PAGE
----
15 December 2013

Promotional Design for Library Fundraising

Our Library Foundation and Friends of the Library organizations are incredibly generous groups of people who provide considerable financial assistance to the library district. So whenever I hear that they are in need help developing marketing materials that in turn benefit the library, I always encourage them to first ask if I can provide them with creative services before they entertain the thought of looking elsewhere. Having them work with me not only saves the Foundation and library district money, but it also allows me the opportunity to monitor and maintain a certain level of quality control while seeking to provide continuity in their communication collaterals.

Updated brochure design exterior (top)
and interior (above).
In the past I've had the pleasure to design fundraising brochures and flyers for the Foundation which you can see here http://librarygraphicdesign.blogspot.com /2012/07/library-foundation-brochure.html. Later, when they wanted to create additional fundraising collaterals to promote its donor program which features a large etched glass pane called the "Katherine's Tree" at our Headquarters Library, I suggested for  purposes of reinforcing their brand recognition that they continue using the design sensibility already established in the other recent fundraising materials I created.

Views of an older brochure exterior
(above) and interior (below) that
predated my redesign.
For this project, the Foundation wanted to create an 8.5x11 inch page and a 20x30 inch poster to illustrate the Katherine's Tree glass etching. An initial idea by the client was to have a photo shoot of the 20 foot high etching which would involve an elaborate set-up to hang large fabric behind the etching, shoot without any additional lighting, and hope that there would be no flash hot spots or glare to contend with. The fall back would be that extensive Photoshop work could save the day. All this and before I forget to mention they were mildly in a hurry for it too.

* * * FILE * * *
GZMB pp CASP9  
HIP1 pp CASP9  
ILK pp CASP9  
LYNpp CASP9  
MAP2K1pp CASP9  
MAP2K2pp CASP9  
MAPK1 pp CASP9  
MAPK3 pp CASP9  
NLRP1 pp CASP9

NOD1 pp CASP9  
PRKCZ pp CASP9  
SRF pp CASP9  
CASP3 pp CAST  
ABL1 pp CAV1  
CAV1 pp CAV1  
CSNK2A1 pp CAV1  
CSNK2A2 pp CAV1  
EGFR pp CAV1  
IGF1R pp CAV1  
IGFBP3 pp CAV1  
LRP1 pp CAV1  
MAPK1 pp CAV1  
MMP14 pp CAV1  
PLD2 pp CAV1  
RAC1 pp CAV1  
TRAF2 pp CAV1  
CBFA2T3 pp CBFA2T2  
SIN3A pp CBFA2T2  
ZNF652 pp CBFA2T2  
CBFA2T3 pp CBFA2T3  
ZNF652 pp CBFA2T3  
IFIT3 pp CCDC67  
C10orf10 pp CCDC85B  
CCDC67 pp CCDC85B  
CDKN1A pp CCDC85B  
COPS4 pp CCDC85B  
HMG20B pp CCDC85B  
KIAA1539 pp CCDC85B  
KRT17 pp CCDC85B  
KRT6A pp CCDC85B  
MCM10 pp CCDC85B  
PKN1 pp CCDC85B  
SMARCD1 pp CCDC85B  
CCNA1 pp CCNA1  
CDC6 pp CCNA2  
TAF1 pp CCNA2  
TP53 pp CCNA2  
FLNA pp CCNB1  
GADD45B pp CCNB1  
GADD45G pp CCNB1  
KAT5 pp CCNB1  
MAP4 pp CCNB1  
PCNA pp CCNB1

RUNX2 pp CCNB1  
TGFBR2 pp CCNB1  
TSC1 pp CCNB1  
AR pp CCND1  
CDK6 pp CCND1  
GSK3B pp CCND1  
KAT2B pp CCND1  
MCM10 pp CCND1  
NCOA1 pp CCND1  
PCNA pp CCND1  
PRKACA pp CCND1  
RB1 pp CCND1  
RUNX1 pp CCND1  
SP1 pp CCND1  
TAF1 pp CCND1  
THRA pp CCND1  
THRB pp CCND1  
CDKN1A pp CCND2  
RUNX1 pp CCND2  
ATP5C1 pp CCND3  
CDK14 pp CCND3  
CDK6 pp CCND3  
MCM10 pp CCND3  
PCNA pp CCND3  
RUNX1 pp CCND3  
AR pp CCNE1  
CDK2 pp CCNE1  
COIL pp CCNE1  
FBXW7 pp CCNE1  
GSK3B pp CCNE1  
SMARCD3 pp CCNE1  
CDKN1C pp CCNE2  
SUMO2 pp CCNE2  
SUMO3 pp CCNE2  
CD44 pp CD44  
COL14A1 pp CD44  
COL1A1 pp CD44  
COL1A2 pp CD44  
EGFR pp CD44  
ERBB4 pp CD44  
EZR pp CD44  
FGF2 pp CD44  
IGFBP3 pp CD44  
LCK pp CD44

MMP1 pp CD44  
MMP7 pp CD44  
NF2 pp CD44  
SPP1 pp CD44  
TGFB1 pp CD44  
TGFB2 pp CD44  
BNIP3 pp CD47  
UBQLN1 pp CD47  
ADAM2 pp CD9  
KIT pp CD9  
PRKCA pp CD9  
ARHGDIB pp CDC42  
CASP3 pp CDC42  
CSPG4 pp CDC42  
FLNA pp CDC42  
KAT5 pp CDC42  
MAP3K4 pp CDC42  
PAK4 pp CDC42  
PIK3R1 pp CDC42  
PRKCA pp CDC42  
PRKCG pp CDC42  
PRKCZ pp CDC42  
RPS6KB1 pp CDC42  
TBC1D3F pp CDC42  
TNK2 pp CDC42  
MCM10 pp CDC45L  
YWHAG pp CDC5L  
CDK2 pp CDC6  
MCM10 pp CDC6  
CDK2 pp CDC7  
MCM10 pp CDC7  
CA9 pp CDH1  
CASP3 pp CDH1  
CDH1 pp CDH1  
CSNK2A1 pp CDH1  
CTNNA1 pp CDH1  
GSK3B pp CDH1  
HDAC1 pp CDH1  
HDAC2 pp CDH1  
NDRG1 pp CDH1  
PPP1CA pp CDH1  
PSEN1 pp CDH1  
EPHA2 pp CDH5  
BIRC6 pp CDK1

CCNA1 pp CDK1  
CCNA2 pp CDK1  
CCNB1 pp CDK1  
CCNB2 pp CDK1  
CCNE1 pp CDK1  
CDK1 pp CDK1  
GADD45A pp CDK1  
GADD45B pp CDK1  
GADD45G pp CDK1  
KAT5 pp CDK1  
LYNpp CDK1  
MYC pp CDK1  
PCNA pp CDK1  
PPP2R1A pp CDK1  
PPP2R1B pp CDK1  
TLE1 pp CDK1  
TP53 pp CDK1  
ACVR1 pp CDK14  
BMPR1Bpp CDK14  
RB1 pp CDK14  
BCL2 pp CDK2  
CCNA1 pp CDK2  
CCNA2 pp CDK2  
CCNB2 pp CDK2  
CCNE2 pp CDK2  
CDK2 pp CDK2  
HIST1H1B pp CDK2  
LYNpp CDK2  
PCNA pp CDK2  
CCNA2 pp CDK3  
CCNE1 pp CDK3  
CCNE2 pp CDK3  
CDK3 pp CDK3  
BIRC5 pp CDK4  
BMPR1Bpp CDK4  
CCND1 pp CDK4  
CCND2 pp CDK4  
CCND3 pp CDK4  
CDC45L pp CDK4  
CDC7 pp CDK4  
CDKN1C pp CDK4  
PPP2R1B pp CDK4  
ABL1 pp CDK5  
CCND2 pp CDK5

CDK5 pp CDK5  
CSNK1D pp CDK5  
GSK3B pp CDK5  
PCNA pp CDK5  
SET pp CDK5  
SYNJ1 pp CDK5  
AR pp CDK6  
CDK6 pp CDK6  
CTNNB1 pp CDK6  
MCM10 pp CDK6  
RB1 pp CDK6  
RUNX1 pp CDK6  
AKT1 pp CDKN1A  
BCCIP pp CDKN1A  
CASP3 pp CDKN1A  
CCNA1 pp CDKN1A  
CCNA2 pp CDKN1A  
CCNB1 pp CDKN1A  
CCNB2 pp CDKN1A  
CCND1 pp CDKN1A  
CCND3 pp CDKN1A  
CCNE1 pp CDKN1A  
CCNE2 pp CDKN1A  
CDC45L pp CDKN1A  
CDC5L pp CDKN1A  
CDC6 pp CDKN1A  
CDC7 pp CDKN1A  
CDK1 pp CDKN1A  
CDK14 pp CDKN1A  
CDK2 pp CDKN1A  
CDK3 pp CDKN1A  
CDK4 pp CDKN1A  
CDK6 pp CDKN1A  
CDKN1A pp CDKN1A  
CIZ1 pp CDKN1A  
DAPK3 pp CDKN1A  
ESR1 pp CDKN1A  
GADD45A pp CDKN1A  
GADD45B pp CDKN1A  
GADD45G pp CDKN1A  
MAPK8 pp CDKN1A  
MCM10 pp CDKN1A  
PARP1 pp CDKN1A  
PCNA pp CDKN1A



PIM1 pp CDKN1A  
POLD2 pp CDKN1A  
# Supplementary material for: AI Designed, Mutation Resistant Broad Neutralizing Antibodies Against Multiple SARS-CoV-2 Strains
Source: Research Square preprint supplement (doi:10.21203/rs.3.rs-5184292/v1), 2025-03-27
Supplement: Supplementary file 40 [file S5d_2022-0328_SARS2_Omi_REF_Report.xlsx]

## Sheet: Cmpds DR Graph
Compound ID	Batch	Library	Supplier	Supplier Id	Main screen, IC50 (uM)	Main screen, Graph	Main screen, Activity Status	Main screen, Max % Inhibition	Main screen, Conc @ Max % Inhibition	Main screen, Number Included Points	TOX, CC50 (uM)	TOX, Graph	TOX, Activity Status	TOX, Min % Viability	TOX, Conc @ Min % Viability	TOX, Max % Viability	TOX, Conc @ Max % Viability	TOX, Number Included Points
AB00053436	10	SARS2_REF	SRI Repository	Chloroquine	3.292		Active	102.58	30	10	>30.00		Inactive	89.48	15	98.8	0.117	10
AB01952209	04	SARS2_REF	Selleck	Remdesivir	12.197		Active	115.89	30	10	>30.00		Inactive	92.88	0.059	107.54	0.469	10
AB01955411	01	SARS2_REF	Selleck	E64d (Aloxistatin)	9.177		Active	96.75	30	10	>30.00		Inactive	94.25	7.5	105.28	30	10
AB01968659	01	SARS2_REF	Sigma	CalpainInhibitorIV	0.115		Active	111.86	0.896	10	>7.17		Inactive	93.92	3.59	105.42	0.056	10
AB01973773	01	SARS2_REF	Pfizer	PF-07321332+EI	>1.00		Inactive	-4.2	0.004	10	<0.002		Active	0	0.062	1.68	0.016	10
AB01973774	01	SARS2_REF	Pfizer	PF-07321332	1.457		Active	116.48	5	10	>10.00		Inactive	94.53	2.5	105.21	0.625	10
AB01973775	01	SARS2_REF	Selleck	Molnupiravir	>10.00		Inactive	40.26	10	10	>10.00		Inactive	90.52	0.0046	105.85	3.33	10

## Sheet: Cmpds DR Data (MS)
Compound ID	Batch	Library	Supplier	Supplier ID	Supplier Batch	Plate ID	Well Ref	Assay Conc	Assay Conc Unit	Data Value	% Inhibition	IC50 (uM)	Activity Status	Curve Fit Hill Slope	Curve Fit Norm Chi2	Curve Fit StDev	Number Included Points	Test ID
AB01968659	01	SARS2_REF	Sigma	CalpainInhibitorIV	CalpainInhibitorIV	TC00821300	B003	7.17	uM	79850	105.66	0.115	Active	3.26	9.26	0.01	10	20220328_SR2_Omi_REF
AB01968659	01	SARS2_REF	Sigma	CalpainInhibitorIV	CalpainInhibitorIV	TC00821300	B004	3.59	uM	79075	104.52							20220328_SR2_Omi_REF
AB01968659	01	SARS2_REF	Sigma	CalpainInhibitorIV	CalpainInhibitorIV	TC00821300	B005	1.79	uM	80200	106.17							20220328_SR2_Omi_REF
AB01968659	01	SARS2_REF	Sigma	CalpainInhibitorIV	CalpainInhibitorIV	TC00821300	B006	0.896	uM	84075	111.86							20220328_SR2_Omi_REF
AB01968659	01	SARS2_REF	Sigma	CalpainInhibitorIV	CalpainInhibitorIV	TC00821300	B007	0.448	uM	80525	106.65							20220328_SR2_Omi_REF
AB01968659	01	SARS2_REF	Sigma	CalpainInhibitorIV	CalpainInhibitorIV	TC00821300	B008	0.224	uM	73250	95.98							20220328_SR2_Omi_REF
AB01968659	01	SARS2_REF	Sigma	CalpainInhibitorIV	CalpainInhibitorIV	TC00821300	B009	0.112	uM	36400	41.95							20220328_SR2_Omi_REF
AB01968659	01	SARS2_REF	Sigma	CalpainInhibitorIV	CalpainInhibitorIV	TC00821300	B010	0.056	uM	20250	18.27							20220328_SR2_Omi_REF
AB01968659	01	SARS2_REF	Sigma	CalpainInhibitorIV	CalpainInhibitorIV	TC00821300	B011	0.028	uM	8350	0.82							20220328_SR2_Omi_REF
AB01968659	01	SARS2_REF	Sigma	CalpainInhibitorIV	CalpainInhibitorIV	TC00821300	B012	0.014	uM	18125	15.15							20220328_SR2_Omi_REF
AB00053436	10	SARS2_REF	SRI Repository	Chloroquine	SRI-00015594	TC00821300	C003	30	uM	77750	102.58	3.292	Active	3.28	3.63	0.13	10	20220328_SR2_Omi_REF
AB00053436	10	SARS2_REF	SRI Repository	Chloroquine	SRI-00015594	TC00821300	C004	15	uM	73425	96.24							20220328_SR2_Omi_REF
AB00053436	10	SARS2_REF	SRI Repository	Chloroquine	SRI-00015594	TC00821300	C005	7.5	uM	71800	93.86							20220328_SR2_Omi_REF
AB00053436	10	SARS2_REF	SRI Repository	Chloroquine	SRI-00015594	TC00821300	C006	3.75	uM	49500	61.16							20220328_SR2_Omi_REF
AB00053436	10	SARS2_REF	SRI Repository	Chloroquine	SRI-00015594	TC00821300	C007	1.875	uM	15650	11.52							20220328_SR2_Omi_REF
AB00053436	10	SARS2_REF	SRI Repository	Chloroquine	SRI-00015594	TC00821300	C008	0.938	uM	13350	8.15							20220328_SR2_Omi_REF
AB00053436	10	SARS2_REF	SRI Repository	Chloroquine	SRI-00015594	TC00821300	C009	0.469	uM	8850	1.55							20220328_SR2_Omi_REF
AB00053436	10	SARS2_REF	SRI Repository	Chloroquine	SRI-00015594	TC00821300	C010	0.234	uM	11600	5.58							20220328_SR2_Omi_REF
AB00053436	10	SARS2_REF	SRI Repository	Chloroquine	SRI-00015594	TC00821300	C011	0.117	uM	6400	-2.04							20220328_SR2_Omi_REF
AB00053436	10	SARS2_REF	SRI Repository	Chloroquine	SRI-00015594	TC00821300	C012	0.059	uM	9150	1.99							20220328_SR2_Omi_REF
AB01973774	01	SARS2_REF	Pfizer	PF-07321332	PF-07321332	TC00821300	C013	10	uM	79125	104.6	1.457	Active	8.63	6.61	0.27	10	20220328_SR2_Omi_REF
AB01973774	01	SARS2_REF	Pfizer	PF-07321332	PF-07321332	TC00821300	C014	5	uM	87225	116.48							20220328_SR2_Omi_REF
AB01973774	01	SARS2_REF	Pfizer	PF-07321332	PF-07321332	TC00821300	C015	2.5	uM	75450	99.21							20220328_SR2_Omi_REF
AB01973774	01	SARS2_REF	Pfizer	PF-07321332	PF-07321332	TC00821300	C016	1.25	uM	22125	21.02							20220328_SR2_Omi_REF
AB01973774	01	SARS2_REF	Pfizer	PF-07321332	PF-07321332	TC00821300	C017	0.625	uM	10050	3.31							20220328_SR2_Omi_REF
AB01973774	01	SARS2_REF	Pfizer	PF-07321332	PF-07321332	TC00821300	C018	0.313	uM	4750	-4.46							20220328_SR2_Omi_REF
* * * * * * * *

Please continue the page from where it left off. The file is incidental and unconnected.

I could see that such a photo shoot plan would require such a considerable amount of logistics, manpower and production time that I suggested instead to use the photo I had already shot and used in the existing brochure, remove the etching portion of the photograph and replace it with a vector redraw of it using Adobe Illustrator. To demonstrate how much easier and less time consuming it would be, I spent about 15 minutes of time to do exactly that and showed my Foundation contact that I'd already finished about 10% of the etching with very little effort and without all the complicated and non-guaranteed photo shoot results. Not only that, but by creating the graphic portion of the tree using Adobe Illustrator, it ensured that the line work in the image would be pristinely sharp and clear—even modifiable at a later date if needed—at any size big or small that they would want to use it in the future, unlike the pixel format of a photographic image. 

Sales job done, it was agreed upon and I went to work. I had a proof for the Foundation to review in less than three days to check for counting the tree leaves which needed to be numbered and approved for the order in which they would be viewed. The initial request was to number all the leaves from top to bottom, right to left, but due to the uneven, non-uniform arrangement of the leaves, I chose to utilize a sweeping path that attempted to keep every leaf butting up against the numbered one preceding it—or as close to it as possible. This way, leaves in groups of 10s might appear in clumps together, rather than in unevenly spaced, bumpy lines that attempted to force readers to try to read it like a book.

With the number grouping strategy approved, I cleaned up the design and saved the image in three different ways for using: 1) a straight black and white etching image framed by the colour photo, good for reproducing at a small scale as a graphic that individual leaves could be identified later by hand with highlighter markers; 2) colour-coding leaves in groups of 10s to assist in locating numbered groups faster and more conveniently; and 3) the straight black/ white graphic tree laid overtop of a ghosted back image of the original background. This would help communicate that the Katherine's Tree is a see-through glass etching and it would also give the illustration a little more sophistication. It could be used at a larger presentation scale and look better than the straight black/white or colour-coded graphic versions that were intended to be more utilitarian for reference and marking on.

Delivery of the project only took a couple of weeks. A single 20x30 inch poster was printed using my large format printer and them mounted to foam core board. They would display the poster at events where they would have multiple person audiences. For their 8.5x11 inch pages they would use as handouts and mailable inserts, all they needed were the three digital images; they would place those images onto Microsoft Word or Publisher pages they would create language content for and maintain themselves.